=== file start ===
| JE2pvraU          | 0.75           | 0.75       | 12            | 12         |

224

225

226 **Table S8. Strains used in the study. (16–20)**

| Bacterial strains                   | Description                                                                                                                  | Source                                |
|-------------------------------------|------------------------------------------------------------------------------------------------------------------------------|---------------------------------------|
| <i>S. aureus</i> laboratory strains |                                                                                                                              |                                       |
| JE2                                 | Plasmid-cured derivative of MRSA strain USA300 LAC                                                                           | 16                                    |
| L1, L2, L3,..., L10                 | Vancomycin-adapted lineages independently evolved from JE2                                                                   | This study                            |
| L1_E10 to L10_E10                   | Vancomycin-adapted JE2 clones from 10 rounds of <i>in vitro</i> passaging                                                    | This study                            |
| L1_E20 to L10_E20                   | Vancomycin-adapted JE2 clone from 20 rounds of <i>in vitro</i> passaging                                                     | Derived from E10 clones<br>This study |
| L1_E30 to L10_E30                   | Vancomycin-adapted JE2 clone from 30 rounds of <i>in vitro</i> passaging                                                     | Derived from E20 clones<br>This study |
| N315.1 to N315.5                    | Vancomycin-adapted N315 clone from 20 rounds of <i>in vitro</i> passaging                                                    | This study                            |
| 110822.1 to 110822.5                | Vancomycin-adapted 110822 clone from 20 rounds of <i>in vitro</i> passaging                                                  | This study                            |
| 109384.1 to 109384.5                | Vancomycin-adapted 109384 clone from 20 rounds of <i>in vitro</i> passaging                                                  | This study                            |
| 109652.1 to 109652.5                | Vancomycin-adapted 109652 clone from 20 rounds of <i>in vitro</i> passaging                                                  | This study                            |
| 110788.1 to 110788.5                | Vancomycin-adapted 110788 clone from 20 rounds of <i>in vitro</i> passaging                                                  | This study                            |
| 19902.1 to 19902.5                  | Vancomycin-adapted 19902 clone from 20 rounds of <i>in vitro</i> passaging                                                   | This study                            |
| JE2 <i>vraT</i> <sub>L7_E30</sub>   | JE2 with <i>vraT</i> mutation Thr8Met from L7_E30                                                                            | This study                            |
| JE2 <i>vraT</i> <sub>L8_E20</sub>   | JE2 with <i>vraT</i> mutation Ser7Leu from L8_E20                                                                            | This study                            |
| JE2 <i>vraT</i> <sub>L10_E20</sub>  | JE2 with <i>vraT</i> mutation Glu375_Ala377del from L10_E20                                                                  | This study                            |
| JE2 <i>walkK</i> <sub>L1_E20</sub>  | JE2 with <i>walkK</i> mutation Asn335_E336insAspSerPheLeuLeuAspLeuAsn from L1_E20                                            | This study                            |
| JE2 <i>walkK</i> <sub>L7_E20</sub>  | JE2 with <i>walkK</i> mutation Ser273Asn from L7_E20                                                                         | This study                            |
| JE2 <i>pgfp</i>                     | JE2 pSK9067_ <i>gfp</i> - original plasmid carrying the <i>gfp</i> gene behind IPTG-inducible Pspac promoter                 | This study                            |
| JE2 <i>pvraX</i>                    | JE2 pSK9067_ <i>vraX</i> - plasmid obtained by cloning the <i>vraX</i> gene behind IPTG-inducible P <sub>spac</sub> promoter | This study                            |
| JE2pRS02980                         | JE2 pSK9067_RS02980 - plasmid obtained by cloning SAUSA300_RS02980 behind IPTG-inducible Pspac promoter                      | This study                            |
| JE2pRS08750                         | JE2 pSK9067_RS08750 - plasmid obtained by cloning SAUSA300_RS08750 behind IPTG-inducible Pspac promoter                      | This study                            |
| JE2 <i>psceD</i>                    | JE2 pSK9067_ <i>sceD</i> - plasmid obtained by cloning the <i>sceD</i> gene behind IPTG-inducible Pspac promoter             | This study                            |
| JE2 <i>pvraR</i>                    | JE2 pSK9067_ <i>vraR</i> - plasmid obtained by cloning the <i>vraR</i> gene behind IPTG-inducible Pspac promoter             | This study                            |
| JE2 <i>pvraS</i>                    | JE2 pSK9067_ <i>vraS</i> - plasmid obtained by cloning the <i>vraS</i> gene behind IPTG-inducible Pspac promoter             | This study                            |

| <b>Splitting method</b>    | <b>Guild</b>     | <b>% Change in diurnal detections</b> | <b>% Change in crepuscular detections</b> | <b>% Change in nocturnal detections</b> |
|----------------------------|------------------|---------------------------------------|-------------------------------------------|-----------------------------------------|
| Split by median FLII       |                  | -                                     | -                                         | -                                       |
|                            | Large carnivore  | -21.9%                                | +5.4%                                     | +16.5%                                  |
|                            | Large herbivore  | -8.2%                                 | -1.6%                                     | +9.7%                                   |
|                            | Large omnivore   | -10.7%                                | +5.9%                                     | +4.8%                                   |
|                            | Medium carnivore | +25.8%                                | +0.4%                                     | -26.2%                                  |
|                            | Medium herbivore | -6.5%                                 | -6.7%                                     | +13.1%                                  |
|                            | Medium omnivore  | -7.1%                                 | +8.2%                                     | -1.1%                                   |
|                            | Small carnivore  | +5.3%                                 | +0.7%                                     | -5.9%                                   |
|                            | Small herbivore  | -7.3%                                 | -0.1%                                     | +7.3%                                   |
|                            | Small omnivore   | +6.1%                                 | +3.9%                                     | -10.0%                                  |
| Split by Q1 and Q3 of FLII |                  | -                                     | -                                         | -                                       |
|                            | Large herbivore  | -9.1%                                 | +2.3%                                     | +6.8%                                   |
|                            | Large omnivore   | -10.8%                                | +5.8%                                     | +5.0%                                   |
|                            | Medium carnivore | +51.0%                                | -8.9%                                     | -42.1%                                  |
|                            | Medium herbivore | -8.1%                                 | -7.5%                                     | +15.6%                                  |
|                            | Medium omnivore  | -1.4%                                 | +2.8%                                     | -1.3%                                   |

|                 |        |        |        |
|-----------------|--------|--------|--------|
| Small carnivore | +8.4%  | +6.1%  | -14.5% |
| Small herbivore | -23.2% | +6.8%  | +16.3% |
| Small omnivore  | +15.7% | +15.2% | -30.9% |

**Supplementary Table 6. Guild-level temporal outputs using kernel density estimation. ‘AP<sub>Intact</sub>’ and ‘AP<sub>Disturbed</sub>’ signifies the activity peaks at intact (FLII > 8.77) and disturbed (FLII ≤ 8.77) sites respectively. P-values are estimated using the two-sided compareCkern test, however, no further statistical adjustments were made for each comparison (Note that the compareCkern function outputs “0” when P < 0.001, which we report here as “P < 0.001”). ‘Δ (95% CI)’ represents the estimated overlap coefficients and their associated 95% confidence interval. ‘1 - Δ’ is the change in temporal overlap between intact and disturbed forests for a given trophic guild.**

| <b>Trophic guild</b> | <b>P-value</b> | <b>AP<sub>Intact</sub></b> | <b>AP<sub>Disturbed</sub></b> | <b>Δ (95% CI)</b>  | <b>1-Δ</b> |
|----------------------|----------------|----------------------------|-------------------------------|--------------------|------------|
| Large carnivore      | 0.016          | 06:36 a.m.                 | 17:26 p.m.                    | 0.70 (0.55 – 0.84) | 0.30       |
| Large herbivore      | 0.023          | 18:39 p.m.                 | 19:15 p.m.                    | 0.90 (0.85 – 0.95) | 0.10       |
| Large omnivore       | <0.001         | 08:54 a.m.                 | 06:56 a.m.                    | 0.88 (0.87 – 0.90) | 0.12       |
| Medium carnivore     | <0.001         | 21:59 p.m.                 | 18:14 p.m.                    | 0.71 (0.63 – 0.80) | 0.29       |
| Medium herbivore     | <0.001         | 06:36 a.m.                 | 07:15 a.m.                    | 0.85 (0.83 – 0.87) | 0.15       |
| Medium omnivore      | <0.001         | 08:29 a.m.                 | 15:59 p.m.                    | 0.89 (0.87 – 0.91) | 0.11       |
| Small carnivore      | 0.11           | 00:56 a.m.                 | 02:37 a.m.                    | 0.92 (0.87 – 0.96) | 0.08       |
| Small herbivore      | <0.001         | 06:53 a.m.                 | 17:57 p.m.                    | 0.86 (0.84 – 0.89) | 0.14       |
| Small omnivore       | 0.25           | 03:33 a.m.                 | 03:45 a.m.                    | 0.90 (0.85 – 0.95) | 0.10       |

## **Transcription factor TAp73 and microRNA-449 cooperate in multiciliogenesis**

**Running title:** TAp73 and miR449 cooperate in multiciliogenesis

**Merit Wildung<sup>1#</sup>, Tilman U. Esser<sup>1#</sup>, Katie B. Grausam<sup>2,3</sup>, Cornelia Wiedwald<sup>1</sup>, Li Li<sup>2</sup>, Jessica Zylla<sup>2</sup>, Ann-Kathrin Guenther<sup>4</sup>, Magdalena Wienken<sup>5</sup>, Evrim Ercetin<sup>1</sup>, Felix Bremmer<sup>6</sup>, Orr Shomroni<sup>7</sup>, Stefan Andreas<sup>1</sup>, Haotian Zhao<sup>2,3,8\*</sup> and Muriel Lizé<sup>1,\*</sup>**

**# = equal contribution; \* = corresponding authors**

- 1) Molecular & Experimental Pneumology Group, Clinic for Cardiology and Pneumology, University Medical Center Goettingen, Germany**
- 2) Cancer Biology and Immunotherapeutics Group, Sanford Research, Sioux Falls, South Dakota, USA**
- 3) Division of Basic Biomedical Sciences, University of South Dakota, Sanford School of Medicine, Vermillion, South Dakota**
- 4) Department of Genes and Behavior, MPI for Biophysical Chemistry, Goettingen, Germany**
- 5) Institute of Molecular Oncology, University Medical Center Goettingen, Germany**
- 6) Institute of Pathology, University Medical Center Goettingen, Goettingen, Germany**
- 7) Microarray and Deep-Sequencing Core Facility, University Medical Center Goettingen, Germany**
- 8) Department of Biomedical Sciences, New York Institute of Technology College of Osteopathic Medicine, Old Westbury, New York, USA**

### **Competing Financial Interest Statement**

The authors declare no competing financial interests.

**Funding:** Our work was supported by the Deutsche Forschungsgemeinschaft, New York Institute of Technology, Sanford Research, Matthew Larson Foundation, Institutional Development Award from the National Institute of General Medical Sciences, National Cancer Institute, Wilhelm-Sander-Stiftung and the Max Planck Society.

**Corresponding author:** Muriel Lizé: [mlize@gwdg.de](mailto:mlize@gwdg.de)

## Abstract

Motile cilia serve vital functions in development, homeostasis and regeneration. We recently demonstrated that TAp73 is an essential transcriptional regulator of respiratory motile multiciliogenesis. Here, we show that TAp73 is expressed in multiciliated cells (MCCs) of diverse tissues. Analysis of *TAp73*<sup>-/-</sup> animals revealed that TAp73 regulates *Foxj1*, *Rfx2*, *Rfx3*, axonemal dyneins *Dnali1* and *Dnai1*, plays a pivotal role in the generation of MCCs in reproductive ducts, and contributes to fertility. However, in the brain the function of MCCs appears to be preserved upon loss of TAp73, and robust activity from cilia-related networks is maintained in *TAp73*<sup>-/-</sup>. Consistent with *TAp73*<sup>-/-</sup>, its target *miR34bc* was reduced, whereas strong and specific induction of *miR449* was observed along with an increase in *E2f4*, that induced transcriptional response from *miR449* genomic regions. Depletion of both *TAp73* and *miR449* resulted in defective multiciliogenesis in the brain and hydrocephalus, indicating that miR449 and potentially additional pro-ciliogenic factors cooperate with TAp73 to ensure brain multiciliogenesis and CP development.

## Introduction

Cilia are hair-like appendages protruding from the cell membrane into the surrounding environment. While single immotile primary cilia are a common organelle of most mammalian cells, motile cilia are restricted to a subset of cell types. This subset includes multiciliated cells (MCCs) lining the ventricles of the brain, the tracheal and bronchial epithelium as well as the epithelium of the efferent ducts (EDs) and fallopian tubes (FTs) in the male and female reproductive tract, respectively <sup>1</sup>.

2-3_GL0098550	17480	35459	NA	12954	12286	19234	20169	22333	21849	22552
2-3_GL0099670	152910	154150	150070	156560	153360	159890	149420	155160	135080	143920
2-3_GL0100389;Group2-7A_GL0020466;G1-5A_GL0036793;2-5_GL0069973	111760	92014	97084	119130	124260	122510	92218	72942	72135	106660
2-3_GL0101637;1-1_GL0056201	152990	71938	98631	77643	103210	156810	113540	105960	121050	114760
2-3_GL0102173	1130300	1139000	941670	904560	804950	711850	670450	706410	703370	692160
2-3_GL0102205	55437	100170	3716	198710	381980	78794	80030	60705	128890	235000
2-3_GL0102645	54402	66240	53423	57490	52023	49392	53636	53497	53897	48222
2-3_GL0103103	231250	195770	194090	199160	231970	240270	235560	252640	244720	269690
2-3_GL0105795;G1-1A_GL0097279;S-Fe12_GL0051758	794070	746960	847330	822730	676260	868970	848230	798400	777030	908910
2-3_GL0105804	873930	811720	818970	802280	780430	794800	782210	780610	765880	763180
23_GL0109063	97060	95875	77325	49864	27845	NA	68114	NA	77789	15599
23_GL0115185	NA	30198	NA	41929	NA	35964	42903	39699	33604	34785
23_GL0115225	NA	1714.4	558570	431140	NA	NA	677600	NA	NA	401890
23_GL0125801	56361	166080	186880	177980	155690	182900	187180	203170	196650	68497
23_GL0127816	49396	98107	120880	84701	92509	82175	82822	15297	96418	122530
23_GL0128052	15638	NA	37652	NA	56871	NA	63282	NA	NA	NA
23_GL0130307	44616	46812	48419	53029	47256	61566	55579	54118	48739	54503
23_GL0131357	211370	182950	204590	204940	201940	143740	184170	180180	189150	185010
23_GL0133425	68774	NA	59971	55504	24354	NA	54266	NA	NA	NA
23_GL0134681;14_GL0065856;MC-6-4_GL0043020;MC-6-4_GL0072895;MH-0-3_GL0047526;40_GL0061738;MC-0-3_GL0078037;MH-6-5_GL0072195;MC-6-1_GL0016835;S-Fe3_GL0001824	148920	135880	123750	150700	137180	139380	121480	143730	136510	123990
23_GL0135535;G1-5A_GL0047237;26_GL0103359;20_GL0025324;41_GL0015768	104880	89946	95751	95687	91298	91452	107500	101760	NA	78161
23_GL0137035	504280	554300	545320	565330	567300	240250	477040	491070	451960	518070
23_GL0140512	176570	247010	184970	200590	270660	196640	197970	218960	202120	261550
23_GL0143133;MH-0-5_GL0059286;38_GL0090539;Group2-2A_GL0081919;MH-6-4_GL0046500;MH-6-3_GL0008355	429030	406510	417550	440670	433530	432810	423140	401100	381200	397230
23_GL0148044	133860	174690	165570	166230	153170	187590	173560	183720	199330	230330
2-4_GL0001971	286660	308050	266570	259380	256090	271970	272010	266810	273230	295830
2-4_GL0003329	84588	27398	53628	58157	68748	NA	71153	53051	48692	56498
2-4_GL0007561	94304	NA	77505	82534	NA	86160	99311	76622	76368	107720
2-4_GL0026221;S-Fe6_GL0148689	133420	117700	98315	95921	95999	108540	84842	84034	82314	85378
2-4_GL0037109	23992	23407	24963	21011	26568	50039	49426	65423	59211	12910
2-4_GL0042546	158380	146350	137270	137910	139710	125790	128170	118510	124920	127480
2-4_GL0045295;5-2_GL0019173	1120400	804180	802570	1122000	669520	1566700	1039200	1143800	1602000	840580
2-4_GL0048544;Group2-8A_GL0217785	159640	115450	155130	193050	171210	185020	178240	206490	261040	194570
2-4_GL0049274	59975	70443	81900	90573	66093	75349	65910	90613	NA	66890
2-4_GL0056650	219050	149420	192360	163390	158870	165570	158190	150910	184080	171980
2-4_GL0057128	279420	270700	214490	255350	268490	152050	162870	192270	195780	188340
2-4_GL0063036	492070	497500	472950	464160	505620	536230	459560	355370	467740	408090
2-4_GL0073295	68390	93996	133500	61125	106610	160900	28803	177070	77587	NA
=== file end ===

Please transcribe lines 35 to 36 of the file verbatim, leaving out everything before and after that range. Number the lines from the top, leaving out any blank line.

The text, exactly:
|                            | Large herbivore  | -8.2%                                 | -1.6%                                     | +9.7%                                   |
|                            | Large omnivore   | -10.7%                                | +5.9%                                     | +4.8%                                   |